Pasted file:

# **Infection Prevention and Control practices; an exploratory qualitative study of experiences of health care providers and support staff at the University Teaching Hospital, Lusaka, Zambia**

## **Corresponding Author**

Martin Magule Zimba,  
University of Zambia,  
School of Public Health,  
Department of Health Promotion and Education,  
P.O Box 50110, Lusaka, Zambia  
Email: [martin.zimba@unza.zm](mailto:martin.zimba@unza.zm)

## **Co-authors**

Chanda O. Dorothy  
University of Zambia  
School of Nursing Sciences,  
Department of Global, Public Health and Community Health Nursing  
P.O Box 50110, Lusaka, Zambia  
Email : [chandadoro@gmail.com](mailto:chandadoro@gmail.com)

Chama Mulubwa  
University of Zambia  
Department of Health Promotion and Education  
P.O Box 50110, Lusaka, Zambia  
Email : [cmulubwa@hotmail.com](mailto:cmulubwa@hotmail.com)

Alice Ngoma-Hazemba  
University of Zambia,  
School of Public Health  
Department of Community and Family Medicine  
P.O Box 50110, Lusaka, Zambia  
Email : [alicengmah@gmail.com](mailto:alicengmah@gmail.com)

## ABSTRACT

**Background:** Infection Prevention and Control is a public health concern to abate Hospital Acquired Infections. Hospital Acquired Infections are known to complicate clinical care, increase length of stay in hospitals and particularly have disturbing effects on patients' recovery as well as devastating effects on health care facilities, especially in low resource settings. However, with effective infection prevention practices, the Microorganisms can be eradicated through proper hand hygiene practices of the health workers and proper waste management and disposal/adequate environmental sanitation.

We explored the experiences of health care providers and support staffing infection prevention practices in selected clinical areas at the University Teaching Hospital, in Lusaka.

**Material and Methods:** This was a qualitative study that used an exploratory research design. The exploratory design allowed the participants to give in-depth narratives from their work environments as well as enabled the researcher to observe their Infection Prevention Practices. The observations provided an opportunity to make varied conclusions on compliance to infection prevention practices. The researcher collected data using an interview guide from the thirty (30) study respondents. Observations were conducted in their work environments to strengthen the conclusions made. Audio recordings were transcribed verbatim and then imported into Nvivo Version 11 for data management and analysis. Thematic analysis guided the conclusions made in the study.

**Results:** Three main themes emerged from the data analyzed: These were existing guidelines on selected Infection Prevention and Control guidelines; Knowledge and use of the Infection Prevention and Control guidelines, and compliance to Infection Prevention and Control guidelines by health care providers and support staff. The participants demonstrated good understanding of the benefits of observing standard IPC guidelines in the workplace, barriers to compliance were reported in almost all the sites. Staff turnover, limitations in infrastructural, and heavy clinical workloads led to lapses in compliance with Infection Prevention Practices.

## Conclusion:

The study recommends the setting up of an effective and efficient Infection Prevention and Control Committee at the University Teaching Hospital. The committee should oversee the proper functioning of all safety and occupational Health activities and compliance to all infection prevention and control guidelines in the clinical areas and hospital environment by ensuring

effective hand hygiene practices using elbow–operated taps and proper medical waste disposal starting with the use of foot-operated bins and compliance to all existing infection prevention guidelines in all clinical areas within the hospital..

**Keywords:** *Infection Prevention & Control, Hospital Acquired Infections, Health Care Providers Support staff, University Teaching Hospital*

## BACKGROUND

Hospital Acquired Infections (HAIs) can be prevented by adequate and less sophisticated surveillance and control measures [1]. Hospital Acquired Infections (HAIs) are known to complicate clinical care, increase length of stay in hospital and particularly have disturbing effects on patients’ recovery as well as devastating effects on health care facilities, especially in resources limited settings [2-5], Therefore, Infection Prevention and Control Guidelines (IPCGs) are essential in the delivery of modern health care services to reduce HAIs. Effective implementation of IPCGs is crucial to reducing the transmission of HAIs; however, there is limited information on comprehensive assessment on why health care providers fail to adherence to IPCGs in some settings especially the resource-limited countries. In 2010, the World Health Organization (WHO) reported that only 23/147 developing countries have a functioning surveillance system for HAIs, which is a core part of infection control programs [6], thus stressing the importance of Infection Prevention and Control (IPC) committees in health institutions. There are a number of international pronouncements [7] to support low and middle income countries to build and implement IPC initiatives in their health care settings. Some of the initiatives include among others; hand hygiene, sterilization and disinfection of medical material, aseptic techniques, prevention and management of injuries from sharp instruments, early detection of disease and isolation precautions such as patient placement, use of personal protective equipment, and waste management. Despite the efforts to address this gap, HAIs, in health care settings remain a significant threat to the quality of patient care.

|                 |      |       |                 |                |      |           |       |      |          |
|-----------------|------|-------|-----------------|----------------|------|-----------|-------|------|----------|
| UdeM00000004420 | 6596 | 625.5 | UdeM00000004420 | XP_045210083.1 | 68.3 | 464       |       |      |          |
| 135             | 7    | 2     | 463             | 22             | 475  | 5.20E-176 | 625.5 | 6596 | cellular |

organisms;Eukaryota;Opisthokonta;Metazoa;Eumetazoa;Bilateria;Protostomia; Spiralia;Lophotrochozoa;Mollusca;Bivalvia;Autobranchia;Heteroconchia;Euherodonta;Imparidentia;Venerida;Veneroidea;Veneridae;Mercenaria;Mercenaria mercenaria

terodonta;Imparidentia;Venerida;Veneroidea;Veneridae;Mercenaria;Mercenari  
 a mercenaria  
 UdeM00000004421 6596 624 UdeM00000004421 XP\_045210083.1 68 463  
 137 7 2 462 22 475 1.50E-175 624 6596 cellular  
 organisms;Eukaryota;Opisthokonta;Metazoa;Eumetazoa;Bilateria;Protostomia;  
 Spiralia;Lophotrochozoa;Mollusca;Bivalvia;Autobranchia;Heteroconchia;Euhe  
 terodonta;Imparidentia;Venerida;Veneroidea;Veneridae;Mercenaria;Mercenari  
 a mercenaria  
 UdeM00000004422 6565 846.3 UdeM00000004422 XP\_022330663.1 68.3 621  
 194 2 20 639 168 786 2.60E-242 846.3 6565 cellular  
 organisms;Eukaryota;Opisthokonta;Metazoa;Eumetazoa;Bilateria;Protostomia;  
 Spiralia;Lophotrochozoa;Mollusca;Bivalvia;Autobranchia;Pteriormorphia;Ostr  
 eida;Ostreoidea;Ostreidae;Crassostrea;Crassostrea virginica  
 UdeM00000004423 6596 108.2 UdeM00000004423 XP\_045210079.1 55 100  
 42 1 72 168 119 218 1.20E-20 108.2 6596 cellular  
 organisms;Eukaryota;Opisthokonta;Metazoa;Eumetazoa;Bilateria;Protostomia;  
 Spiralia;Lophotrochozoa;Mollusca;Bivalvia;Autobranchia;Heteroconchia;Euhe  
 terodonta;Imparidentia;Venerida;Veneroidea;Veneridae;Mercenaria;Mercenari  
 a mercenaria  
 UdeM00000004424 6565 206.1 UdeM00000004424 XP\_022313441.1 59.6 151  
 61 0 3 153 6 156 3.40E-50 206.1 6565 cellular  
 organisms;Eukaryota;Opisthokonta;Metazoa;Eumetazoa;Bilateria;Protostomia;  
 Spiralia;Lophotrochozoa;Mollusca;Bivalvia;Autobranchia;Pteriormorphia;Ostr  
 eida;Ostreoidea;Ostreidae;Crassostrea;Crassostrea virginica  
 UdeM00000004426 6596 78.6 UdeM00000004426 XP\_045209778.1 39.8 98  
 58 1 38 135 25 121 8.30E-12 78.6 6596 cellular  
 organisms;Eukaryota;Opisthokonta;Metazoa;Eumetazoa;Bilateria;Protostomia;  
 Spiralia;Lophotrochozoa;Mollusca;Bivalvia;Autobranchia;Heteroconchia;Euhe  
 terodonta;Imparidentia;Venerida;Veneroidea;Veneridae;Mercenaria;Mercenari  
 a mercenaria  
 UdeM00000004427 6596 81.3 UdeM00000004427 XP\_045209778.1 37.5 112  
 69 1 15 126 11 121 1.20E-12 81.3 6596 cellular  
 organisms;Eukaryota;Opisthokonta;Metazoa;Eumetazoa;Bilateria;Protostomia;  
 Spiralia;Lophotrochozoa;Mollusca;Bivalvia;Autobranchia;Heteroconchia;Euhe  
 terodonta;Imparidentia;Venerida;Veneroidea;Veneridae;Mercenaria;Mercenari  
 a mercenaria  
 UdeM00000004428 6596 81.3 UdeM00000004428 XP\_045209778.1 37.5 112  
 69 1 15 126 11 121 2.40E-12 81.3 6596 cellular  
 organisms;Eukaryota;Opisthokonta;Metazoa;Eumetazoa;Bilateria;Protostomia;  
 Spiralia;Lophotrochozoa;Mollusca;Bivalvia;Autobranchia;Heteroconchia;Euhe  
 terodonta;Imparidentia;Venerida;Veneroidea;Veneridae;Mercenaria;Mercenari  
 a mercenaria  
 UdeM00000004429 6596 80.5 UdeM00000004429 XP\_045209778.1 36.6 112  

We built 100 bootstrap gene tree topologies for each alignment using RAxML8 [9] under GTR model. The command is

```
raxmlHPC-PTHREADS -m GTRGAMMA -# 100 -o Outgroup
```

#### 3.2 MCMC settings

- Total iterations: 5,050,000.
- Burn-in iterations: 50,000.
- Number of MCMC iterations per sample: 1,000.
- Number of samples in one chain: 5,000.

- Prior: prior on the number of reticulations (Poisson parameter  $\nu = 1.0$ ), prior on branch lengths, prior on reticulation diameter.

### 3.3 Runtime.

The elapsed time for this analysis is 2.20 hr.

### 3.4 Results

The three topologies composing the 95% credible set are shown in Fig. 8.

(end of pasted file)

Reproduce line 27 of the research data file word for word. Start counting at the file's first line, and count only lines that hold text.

## ABSTRACT